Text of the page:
Under Circular 2/2020, 3 types of candidates are subject to fit-and-proper testing, which are 1) candidates for controlling shareholders; 2) candidates for membership of boards of directors and 3) candidates for membership of boards of commissioners respectively. The relevant assessment factors include integrity, financial reputation and competence of the candidates. For candidates for controlling shareholders, financial feasibility is also a relevant assessment factor, which is to be proven through good financial reputation, financial capacities which are capable of supporting the business development and commitment to implementing certain measures if required.
Administrative requirements are imposed and self-assessments are required for candidates. For candidates for membership of boards of directors and candidates for membership of boards of commissioners, the requirements are more straight forward and could be fulfilled by the provision of relevant documents of candidates, such as identification documents, relevant affidavits and relevant licenses. On the other hand, for candidates for controlling shareholders, a wider range of documents would be required to satisfy the requirements. These documents include list of names and candidate data for individuals, financial capacity analysis documents prepared based on audited financial reports, capital deposit receipt from each shareholder, statement letter, police report statement and other supporting documents. Candidates for controlling shareholders would also be required to give presentations of their development plans for the next five years, together with candidate strategies to be employed in the event of liquidity difficulties or potential insolvencies.
Upon satisfactory of the above requirements, the investment manager or investment advisor of the candidate shall submit an application to the OJK with the relevant documents. The OJK will then process the application and notify the relevant investment manager or investment advisor of the results within 30 business days of the receipt of the application. Following approval by the OJK, the approved candidates for boards of directors and candidates for membership of boards of commissioners will have to be appointed through a general meeting of shareholders within 6 months of the approval date.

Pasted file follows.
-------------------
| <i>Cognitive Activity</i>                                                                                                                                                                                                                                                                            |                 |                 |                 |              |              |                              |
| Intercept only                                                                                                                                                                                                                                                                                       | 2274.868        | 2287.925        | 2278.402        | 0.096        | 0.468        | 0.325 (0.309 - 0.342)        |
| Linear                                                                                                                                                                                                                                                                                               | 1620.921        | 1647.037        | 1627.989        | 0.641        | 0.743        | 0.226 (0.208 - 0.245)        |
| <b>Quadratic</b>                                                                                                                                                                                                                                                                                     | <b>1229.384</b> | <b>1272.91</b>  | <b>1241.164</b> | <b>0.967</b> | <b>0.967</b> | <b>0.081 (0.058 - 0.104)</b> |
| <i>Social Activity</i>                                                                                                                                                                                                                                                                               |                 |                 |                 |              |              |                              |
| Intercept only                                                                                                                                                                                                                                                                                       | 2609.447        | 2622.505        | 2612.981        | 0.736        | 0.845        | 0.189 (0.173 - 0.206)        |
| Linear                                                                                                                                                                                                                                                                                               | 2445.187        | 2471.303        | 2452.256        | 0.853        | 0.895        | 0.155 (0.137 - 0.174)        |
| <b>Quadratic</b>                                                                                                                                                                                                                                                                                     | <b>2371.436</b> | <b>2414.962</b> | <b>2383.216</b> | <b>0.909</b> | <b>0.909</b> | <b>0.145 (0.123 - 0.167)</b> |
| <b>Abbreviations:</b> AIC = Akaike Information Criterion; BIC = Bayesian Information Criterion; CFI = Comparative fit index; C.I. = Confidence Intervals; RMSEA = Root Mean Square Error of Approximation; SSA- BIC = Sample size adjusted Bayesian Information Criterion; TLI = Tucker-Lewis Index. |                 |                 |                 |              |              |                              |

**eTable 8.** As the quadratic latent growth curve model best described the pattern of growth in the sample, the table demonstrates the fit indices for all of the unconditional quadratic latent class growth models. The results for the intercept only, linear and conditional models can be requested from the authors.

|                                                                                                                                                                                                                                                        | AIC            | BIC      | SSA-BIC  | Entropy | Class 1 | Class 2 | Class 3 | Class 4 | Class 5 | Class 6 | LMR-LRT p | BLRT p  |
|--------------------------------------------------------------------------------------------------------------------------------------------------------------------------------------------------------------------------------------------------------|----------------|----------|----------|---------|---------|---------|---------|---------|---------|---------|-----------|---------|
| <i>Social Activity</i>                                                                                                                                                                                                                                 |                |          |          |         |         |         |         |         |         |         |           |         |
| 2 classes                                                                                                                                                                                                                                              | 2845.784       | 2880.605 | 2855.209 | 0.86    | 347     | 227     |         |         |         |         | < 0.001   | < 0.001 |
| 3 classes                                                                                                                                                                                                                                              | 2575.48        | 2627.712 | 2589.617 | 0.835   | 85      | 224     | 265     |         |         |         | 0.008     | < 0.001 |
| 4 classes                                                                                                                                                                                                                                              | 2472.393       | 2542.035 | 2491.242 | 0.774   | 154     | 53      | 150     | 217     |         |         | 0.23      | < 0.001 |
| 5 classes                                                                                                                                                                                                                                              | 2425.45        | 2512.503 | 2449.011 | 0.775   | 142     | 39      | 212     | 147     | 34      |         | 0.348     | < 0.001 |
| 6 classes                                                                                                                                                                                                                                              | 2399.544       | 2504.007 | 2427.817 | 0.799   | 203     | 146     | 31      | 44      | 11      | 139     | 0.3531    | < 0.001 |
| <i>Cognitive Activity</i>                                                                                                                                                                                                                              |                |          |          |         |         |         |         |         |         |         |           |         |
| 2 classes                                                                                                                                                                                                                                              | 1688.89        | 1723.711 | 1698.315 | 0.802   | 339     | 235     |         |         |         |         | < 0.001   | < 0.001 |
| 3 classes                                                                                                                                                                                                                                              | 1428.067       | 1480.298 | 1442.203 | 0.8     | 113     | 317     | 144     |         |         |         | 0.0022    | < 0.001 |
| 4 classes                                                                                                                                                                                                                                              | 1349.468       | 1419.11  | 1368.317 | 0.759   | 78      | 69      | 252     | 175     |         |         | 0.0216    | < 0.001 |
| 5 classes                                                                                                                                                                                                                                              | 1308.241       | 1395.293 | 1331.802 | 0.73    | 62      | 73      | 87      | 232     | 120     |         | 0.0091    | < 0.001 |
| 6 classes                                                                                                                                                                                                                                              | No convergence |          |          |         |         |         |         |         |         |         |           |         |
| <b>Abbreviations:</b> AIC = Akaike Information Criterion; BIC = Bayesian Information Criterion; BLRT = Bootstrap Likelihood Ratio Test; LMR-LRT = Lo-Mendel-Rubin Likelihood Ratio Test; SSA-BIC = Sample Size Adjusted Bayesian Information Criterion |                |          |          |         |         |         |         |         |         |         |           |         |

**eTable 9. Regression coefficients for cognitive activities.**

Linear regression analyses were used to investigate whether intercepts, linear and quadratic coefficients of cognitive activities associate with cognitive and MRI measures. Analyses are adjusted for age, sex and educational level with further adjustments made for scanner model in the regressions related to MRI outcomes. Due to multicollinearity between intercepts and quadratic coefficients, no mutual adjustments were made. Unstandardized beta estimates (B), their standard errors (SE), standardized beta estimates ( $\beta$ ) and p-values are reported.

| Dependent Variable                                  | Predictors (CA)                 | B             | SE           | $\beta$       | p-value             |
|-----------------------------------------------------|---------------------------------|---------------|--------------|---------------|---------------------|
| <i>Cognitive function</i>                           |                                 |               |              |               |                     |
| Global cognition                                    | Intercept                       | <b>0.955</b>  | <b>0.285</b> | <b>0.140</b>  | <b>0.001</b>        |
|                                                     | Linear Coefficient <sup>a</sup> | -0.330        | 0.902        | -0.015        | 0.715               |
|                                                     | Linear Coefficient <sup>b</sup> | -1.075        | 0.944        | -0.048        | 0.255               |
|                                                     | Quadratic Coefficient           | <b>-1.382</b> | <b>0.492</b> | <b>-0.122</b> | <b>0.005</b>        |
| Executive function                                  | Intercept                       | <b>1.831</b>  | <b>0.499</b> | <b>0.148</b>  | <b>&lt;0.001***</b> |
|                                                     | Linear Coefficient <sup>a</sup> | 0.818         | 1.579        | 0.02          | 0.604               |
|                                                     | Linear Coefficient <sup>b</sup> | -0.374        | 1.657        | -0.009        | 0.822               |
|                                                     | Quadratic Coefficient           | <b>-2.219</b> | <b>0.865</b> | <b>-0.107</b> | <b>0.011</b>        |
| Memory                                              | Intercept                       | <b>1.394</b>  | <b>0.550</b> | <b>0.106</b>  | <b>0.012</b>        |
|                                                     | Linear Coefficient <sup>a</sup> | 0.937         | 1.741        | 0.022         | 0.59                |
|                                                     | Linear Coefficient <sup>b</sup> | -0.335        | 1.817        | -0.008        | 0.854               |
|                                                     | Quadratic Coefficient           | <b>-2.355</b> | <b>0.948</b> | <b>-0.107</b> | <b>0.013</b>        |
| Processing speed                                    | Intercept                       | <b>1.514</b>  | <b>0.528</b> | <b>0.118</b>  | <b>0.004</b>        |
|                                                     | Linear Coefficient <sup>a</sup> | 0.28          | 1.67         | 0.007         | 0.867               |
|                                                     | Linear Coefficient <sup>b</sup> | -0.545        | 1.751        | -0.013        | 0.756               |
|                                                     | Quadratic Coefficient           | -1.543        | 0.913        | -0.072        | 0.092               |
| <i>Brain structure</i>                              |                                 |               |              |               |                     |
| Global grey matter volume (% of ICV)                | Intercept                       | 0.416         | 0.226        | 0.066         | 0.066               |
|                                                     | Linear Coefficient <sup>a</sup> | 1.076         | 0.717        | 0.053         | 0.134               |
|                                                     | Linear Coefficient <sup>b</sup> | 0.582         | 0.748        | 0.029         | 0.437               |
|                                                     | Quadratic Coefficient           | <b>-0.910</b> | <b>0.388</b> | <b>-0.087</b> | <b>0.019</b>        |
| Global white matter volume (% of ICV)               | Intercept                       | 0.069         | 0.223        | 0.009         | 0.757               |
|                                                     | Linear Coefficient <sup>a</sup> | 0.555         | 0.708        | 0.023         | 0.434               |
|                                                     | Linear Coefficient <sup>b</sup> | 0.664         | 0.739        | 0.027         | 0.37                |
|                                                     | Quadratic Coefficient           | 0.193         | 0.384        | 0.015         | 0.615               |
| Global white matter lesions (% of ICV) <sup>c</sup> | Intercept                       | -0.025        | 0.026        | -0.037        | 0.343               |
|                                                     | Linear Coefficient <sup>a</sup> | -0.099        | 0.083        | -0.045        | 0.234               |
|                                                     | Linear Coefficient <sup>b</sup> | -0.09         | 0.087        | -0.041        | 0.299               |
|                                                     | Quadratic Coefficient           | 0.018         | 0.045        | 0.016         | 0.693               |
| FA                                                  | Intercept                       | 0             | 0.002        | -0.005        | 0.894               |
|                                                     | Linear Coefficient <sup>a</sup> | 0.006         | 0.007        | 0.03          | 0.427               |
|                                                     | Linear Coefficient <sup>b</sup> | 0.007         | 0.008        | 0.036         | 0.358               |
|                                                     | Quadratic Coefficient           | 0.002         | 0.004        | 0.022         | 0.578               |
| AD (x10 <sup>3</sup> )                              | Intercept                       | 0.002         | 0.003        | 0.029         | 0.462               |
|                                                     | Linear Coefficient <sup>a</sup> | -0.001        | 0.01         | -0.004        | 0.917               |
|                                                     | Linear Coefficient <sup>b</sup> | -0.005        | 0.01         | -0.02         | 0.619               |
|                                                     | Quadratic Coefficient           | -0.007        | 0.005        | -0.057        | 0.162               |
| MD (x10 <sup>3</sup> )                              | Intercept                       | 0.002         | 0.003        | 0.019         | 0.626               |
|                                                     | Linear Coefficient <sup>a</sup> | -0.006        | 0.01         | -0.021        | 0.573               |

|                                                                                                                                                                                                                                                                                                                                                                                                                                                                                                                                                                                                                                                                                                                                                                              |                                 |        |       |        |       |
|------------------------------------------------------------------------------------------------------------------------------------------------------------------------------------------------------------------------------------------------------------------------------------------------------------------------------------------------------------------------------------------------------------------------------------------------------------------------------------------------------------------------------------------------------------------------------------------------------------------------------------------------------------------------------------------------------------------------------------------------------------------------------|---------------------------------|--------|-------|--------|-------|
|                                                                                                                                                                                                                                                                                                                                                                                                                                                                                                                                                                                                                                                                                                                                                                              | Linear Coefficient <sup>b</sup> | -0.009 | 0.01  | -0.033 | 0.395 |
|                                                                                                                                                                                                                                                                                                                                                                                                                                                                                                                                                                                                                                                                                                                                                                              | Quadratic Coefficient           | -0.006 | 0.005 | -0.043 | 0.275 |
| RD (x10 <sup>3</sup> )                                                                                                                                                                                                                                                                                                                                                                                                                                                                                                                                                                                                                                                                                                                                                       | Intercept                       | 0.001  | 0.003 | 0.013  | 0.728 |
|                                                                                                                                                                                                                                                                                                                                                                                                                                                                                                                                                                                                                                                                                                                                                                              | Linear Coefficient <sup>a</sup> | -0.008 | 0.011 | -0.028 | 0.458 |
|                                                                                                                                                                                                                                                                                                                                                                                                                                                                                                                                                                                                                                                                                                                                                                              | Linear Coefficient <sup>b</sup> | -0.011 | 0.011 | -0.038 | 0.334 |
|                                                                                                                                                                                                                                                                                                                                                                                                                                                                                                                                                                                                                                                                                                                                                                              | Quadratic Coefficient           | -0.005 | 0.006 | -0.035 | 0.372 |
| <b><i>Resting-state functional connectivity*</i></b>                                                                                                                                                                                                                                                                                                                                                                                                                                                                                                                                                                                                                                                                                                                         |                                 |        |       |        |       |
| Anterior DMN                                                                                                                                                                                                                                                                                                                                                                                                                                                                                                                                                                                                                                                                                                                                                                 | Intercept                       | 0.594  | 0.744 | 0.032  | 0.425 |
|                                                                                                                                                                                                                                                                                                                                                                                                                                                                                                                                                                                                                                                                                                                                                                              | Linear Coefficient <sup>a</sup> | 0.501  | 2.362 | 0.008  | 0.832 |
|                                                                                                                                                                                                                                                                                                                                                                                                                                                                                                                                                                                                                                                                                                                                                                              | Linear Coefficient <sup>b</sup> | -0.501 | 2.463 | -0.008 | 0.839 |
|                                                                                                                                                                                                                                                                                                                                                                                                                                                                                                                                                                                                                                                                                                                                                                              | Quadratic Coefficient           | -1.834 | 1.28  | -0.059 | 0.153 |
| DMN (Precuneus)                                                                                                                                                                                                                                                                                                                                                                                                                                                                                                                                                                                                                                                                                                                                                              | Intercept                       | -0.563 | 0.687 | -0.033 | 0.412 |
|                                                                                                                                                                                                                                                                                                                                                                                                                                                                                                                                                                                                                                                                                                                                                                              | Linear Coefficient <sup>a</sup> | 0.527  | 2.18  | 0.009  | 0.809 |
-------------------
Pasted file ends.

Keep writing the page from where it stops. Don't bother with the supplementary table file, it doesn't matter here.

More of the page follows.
Other OJK regulations
It is worth noting that OJK has also issued 5 other regulations in the early months of 2020, as follows:
- POJK No. 14/POJK.05/2020 on Countercyclical Policies Against the Impact of the Covid-19 for Non-banking Financial Services Institutions, dealing with debt restructurings for borrowers affected by Covid-19;
- POJK No. 15/POJK.04/2020 on Shareholders’ Meetings for Public Companies, which covers remote participation and use of powers of attorneys during shareholders’ meetings for public companies;
- POJK No. 16/POJK.04/2020 on Electronic Shareholders Meeting for Public Companies, further regulating shareholders’ meetings for public companies through remote means;
- POJK No. 17/POJK.04/2020 on Material Transactions and Changes in Business Activities, which expands on the definition of material transactions and changes in main business activities for public companies; and
- POJK No.18/POJK.04/2020 on Written Order to Handle Bank Problems, which allocates rights to OJK to direct banks to consolidate or be taken over with the objective of maintaining financial system stability.
New regulations on the procurement of renewables
The Minister of Energy and Mineral Resources (“MEMR”) has issued Regulation No. 4 of 2020 (the “MEMR Reg. 4/2020”) regarding the second amendment to MEMR Regulation No. 50 of 2017 on the Utilisation of Renewable Energy Resources in Electricity Production (“2017 Regulation”).
The Regulation, which came into effect on 26 February 2020, relates to solar PV, wind, hydro, biomass, biogas, municipal waste and tidal projects in Indonesia. With an objective to accelerate the development of renewable energy, some of the key features of the Regulation are as follows: